Lower cost, greater safety
As much as anything, the Light Aircraft Association’s seventieth anniversary, marked at the LAA Rally at Sywell and the subject of Steve Slater’s ‘Open Cockpit’ column in this issue, is a celebration of seven decades of affordable flying. Operating on Permits to Fly, homebuilts and most of the UK’S ‘nonEASA’ aircraft come under the LAA’S umbrella, allowing their owners to do all the maintenance and make approved modifications themselves.
In recent years, two of Pilot’s contributors, Nick Bloom and Colin Goodwin have built their own aircraft — the famous Currie Super Wot and RV-7, Dumbo. While Bob Grimstead has not built an aircraft, he has done something close to it in the epic task of reassembling and covering his Fournier RF4D and — in recent months — the job of getting his LAA Permit Aeronca Champ back in the air. (Bob, of course, insists that the latter is a better aircraft than my own L-4H Cub, which is also operated on a Permit to Fly.)
‘Old Timers’ editor Peter March and Assistant Editor Judith Austin both fly classic Cessnas — a 172 and a 150 respectively — but these are EASA aircraft, which means operation on a Certificate of Airworthiness, with all the associated cost of professional maintenance and the burden of EASA regulation.
Sitting a few feet from each other in Pilot’s Wokingham office, Judith and I do the same kind of flying. However, due to EASA regulation that came into effect on 25 August (see last issue’s ‘ Pilot Notes’), she now has to carry a personal locator beacon in her aircraft. Thanks to the generosity of another syndicate member, at least Judith’s flying costs have not been raised by having to buy that PLB or the emergency locator transmitter otherwise required, but many other C of A aircraft owners are having to cough up to pay for this equipment which, it has to be said, is generally of no great use, if any use at all, in typical GA operations over our densely populated island.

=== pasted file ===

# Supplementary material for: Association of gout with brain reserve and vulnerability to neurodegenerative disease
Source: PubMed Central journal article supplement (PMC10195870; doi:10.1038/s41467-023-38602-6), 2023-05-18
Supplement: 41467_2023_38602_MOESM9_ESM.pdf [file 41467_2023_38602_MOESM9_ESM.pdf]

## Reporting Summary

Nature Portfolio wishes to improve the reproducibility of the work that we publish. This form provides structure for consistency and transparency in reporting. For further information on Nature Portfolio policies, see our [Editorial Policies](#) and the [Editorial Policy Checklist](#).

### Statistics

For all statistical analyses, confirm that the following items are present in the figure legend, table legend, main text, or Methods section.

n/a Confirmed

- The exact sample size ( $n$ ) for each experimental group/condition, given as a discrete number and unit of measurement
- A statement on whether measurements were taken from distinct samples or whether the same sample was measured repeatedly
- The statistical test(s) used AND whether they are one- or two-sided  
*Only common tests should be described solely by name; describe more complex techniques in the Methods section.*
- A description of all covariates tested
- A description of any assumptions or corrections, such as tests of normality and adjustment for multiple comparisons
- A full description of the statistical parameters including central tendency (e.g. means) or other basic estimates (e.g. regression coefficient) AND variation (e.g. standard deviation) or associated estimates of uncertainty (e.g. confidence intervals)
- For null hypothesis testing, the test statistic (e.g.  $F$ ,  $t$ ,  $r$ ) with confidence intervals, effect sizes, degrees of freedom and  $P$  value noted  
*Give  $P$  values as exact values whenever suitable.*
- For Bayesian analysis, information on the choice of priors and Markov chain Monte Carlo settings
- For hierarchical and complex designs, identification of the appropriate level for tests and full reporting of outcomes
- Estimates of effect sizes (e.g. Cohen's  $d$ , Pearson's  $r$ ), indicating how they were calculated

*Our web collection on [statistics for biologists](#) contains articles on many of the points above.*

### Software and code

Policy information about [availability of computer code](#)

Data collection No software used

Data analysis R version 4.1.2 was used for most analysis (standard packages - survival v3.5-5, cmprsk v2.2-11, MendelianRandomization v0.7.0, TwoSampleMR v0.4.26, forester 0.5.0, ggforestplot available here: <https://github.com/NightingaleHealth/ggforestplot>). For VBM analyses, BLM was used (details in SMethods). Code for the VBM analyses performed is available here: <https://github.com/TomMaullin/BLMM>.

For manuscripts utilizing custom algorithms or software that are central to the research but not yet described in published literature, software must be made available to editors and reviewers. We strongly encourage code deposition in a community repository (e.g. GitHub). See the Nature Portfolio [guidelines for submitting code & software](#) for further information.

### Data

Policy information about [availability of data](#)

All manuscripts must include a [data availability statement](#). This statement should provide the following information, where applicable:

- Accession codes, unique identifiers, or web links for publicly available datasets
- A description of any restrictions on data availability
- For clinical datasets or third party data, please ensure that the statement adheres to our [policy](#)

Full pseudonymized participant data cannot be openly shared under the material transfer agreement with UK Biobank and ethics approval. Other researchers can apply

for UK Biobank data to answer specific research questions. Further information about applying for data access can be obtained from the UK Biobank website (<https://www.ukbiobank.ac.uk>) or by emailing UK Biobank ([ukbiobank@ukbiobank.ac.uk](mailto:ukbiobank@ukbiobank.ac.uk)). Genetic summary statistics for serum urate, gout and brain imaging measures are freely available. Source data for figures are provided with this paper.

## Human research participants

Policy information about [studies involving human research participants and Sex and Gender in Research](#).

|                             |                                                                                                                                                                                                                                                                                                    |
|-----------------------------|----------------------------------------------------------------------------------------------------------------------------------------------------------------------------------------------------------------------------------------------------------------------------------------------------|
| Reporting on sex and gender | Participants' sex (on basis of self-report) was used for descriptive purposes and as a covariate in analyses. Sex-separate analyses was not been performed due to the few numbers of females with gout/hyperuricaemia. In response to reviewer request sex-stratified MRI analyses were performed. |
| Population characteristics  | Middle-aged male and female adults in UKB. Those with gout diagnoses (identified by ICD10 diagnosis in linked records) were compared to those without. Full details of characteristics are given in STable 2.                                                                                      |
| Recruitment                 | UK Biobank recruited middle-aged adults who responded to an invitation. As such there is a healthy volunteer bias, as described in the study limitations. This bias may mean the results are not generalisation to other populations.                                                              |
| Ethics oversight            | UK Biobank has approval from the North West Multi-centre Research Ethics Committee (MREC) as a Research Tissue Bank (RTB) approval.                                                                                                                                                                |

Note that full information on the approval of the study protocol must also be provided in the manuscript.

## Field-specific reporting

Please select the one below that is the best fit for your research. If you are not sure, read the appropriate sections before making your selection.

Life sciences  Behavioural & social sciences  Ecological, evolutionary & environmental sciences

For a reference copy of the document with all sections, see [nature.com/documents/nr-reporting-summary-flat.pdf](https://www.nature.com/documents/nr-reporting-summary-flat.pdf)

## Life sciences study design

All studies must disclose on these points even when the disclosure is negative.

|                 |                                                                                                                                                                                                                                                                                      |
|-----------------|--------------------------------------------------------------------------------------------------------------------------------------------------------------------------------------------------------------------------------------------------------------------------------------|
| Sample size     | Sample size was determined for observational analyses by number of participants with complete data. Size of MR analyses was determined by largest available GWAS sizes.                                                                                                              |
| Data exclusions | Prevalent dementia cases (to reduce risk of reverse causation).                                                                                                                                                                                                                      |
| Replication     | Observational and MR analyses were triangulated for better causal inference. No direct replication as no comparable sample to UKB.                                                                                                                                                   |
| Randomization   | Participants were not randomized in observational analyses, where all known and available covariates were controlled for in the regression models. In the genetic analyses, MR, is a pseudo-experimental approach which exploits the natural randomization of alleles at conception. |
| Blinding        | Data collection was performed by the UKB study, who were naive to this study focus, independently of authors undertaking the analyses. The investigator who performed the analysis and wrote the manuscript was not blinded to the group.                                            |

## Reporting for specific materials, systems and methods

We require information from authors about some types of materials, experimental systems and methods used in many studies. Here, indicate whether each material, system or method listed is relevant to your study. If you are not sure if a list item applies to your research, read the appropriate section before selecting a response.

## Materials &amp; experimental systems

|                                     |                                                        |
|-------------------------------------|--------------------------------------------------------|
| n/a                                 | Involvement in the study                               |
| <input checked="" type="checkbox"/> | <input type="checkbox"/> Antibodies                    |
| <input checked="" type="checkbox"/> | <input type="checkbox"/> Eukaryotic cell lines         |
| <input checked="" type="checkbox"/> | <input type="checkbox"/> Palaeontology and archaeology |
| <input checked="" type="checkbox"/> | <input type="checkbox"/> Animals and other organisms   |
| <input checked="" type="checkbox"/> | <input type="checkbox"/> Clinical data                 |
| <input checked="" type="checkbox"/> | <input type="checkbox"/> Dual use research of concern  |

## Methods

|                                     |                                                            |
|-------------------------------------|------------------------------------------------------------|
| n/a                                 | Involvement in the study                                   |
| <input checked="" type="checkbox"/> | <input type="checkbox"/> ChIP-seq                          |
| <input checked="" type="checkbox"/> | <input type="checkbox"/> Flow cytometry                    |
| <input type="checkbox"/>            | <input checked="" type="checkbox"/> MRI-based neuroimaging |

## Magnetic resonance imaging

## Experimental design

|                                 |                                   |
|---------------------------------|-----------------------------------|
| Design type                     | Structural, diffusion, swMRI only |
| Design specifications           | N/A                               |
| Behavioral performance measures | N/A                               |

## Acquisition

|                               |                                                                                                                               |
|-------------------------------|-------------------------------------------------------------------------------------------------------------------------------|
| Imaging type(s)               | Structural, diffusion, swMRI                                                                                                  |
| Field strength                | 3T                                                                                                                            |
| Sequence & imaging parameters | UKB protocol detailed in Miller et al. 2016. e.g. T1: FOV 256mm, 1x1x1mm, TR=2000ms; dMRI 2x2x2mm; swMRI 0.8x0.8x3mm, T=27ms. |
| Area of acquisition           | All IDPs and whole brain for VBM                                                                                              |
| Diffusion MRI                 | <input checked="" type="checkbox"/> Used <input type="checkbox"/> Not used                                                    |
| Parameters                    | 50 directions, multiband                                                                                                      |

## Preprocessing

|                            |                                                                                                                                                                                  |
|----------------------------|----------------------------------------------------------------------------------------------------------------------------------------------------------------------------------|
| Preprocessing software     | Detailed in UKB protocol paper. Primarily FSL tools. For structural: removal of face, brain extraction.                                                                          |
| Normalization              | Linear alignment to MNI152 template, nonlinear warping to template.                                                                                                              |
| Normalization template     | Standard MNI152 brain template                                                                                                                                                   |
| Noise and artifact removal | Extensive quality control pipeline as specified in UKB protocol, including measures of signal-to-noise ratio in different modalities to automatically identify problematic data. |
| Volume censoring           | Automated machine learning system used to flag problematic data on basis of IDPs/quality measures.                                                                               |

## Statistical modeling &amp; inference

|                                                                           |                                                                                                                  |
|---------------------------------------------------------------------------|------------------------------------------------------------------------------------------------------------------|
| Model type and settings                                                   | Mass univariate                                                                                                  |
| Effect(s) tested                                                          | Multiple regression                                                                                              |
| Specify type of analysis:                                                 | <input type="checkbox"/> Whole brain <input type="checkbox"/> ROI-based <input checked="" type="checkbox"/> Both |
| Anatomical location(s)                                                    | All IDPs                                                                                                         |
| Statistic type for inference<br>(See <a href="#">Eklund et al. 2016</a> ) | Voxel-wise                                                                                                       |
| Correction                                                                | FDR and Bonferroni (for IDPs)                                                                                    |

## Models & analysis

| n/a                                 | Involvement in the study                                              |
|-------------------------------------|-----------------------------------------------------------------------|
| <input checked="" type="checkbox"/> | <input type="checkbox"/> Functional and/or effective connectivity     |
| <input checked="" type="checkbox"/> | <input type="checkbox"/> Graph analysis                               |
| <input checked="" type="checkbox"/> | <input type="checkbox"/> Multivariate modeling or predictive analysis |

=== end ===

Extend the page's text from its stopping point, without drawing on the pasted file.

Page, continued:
EASA should have done a cost-benefit analysis of the PLB/ELT mandate before it was enshrined in law. Certainly, having either of these devices on board might save the day if one went down in, say the Welsh mountains or some remote part of the Highlands of Scotland — and sensible folk always carried a PLB (and not an ELT, which goes down with the ship) when crossing long stretches of water. However, for typical British circuit flying and cross-country trips, the things have no value to the pilot and represent an unnecessary additional cost — as the CAA sensibly recognised in the national exemption that expired on 25 August.
If sailing can be likened to standing in a shower tearing up banknotes, flying is a bit like going up and down in a lift, tearing up banknotes. The trouble is that the greater the cost — the rate at which those notes are shredded — the fewer the days at sea or hours logged in the air.
I had personal reason a couple of months ago to be grateful for the way LAA Permit flying minimises the costs and maximises the flying hours, when the Cub lost all power and I had to force-land the thing at a grass strip that happened to be nearby. This was not due to a mechanical failiure — I will explain, when I tell the story in a future edition — but the point is that currency and years of experience in farm strip operations paid off in me being able to glide in dead-stick and put the aeroplane down without a scratch.
Above all, flying safely is about being able to put in as many hours as possible. The LAA has done a wonderful job in driving down costs, allowing ‘Permit pilots’ to maximise their time in the air. The story is not quite the same for club pilots and many C of A aircraft owners, who are finding their flying increasingly expensive and are doing less of it. It really is time for the regulators — and EASA in particular — to put the brake on escalating requirements and fees, and pay attention to resolving true safety issues, not the least of these being lack of currency.